WHO: the first substantial decline in global Covid cases in more than two months

Africa, America, Asia, Australasia, Coronavirus, Deaths, Europe, Infection, Transmission

With nearly 4 million new cases reported globally in the past week (6-12 September), this represents the first substantial decline in weekly cases in more than two months. All regions reported declines in new cases as compared to the previous week.

World Health Organisation reportWeekly epidemiological update on COVID-19 – 14 September 2021


At Coronaheadsup, our hunch is that the next Covidminimum for this wave (i.e. the trough of the current wave) should be on the 13th October or the 11th November 2020 if there is a connection to lunar phases, as outlined in this post:

Global: Sars-COV-2 – a virus that oscillates between killing 5,000 to 20,000 a day for an entire year?


** UPDATE **

The third global wave of 2021 peaked around the full moon of August 22nd, so earlier than we expected. If the waves are linked to phases of the moon, then the next trough, or Covidminimum, would be around the full moon on the 13th October 2021.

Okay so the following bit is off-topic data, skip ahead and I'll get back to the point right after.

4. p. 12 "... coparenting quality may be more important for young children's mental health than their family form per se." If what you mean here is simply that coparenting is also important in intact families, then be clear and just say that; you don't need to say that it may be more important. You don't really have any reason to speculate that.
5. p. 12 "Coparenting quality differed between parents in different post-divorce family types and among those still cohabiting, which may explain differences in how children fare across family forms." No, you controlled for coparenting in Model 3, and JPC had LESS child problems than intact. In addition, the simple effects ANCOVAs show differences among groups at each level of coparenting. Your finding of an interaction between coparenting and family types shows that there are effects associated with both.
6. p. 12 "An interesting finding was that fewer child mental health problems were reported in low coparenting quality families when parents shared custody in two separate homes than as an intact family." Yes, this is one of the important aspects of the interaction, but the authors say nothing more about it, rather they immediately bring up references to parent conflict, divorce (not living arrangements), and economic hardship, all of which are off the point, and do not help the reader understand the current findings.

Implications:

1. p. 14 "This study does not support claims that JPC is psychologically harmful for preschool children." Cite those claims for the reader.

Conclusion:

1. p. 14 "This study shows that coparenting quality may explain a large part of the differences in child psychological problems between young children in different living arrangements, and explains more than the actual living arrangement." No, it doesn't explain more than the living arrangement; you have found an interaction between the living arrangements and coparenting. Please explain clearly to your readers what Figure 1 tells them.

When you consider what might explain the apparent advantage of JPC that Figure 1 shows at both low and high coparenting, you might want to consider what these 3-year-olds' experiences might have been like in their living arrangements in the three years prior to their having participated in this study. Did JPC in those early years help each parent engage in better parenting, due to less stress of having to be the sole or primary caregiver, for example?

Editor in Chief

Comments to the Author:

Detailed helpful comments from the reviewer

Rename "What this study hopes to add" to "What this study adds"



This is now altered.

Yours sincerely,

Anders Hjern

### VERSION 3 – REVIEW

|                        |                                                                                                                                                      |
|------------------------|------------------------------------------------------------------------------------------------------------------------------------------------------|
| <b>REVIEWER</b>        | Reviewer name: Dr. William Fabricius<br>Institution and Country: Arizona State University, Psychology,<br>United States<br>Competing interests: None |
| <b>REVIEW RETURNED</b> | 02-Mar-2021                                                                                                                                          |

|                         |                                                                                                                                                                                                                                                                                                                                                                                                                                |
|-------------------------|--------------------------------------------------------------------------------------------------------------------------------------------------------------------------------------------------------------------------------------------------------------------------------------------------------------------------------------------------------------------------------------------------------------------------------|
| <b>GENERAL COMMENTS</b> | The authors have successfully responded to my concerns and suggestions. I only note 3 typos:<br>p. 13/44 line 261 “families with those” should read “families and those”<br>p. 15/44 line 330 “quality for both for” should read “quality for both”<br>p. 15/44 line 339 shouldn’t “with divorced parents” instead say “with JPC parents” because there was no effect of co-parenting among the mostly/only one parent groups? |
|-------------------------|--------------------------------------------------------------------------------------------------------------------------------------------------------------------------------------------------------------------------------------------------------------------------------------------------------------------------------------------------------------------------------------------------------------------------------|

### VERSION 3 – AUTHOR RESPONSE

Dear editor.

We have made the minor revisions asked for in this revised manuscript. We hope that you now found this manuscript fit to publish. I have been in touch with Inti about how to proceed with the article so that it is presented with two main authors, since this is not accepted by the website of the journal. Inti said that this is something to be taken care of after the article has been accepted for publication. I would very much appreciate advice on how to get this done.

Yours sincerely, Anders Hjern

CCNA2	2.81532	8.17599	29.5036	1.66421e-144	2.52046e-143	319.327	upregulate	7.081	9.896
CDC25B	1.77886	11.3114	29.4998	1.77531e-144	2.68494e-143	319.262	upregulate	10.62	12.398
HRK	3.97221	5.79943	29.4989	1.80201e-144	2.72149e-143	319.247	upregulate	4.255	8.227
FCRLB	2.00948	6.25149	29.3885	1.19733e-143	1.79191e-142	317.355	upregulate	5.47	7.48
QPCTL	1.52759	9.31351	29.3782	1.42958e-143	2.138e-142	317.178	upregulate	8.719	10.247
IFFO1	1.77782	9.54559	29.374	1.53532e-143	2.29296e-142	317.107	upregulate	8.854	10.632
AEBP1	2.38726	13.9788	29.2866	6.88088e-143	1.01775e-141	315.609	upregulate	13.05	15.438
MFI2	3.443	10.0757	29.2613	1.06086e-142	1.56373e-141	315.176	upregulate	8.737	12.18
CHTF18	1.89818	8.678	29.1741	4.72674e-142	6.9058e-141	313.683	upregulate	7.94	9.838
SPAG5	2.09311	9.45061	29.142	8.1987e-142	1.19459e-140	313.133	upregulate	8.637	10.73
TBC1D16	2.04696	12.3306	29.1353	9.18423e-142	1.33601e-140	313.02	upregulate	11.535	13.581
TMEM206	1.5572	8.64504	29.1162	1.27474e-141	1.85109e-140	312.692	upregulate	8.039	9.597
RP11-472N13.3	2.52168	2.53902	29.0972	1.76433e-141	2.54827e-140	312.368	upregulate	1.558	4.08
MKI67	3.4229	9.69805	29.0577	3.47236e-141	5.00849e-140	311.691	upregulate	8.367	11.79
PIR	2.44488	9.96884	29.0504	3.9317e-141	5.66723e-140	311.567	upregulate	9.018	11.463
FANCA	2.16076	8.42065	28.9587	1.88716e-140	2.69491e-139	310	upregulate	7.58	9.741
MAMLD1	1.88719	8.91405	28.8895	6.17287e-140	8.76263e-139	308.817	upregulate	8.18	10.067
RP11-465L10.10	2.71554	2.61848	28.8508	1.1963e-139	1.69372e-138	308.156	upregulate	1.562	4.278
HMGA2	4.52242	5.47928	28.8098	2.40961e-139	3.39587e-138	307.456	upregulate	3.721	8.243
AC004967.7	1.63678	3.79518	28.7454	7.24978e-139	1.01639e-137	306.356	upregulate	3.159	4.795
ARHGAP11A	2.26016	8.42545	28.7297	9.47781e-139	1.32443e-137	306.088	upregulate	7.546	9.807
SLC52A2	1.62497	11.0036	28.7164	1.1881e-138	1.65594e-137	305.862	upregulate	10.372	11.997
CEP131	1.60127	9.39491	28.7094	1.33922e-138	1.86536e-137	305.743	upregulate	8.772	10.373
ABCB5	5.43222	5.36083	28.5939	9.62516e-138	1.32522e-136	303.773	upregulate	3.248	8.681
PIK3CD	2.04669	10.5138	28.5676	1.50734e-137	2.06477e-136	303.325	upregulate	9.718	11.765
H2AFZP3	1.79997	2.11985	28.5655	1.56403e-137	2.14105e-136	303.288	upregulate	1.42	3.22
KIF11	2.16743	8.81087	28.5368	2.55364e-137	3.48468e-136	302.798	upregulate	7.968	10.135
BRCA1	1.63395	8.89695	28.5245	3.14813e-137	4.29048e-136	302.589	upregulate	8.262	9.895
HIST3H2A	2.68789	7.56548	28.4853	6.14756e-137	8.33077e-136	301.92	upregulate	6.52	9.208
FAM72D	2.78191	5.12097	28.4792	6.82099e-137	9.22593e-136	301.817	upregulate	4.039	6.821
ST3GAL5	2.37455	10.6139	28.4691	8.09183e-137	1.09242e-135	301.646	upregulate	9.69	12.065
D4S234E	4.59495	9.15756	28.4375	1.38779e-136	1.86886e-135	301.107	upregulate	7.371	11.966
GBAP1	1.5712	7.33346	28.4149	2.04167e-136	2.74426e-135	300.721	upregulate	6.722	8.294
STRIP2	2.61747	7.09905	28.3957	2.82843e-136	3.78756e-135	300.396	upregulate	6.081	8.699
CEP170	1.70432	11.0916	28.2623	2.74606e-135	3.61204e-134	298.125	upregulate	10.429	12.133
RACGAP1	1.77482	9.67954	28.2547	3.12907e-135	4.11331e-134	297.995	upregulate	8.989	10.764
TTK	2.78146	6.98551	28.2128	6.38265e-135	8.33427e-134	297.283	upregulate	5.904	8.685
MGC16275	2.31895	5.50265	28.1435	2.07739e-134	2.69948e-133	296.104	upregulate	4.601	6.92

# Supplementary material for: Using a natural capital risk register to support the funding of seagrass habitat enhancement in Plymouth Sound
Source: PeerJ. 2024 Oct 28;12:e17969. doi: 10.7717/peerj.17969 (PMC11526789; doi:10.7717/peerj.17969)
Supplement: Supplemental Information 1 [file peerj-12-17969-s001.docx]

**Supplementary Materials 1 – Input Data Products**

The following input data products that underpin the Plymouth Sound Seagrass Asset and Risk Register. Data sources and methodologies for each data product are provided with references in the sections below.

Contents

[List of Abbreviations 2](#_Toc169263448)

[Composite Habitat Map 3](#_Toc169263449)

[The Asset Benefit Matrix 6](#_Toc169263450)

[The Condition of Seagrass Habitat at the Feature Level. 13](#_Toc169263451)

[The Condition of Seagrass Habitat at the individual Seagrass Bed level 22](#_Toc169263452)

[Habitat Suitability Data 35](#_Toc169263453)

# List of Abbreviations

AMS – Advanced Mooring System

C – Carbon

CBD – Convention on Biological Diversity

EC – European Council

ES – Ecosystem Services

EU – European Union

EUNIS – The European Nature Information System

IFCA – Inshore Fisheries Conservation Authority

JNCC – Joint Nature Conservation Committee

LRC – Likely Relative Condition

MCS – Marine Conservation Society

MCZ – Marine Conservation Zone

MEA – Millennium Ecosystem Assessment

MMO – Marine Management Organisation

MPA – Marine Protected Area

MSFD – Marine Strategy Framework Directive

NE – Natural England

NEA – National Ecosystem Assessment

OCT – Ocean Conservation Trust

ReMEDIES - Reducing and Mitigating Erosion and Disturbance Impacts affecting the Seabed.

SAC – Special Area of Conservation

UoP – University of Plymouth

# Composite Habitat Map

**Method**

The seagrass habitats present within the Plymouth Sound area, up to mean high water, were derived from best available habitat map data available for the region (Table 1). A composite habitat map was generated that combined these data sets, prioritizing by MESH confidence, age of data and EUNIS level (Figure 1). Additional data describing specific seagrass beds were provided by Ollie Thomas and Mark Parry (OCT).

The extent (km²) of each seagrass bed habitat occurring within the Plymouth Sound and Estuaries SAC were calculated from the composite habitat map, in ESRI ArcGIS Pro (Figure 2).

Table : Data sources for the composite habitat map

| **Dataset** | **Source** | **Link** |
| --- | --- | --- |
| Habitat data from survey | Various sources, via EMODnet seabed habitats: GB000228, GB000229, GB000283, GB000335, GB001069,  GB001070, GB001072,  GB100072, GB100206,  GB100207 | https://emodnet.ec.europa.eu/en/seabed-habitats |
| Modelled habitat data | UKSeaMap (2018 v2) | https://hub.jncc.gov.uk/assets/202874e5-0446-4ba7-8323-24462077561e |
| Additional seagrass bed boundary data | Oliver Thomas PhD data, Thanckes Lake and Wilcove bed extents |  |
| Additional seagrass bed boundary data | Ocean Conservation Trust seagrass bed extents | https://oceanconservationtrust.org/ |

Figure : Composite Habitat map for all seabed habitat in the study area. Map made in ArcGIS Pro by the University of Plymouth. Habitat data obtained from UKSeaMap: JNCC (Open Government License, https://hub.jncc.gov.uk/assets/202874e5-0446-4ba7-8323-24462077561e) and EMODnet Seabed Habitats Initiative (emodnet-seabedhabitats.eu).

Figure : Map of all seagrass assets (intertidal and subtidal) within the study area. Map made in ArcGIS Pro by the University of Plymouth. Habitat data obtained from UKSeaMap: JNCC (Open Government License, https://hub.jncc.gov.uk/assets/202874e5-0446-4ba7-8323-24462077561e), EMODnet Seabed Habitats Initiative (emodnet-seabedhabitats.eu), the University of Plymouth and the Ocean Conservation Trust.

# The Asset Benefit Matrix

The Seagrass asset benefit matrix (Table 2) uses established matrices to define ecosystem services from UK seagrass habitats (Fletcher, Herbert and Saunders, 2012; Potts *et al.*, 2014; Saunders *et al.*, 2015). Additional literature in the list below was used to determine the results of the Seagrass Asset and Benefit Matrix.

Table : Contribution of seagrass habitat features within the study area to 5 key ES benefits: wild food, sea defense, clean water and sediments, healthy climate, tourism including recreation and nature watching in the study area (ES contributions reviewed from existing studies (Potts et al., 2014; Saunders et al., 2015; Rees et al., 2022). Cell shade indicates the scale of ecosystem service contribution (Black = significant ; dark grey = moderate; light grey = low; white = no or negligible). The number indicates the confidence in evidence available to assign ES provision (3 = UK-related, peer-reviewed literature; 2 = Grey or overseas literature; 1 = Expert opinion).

Based on the trough pattern though, the waves could just be repeating every four months, meaning three waves a year. If the waves are spaced evenly 4 months apart, then the next Covidminimum would be on ~20th October.

The number of infections could also be important in the formation of a new wave. Both of the last two troughs bottomed out at about 2.5 million infections before starting to rise again.   

The latest self-updating world Covid-19 cases chart is shown below.



We noted earlier this year, in April 2021, the odd, almost unnatural, behaviour of this virus:

Global: Sars-COV-2 – a virus that oscillates between killing 5,000 to 20,000 a day for an entire year?

Below is an updated chart of global deaths for Covid-19 up to September 2021. After 20 months, the coronavirus still remains within the boundary of 5,000 to 20,000 deaths a day globally.

We are struggling to see much evidence of 3 billion worldwide vaccinations in these charts, although the reduced deaths to cases ratio in the second wave may offer some comfort to the vaccine manufacturers.





Image by Free-Photos from Pixabay

** This post was originally published on September 15, 2021 **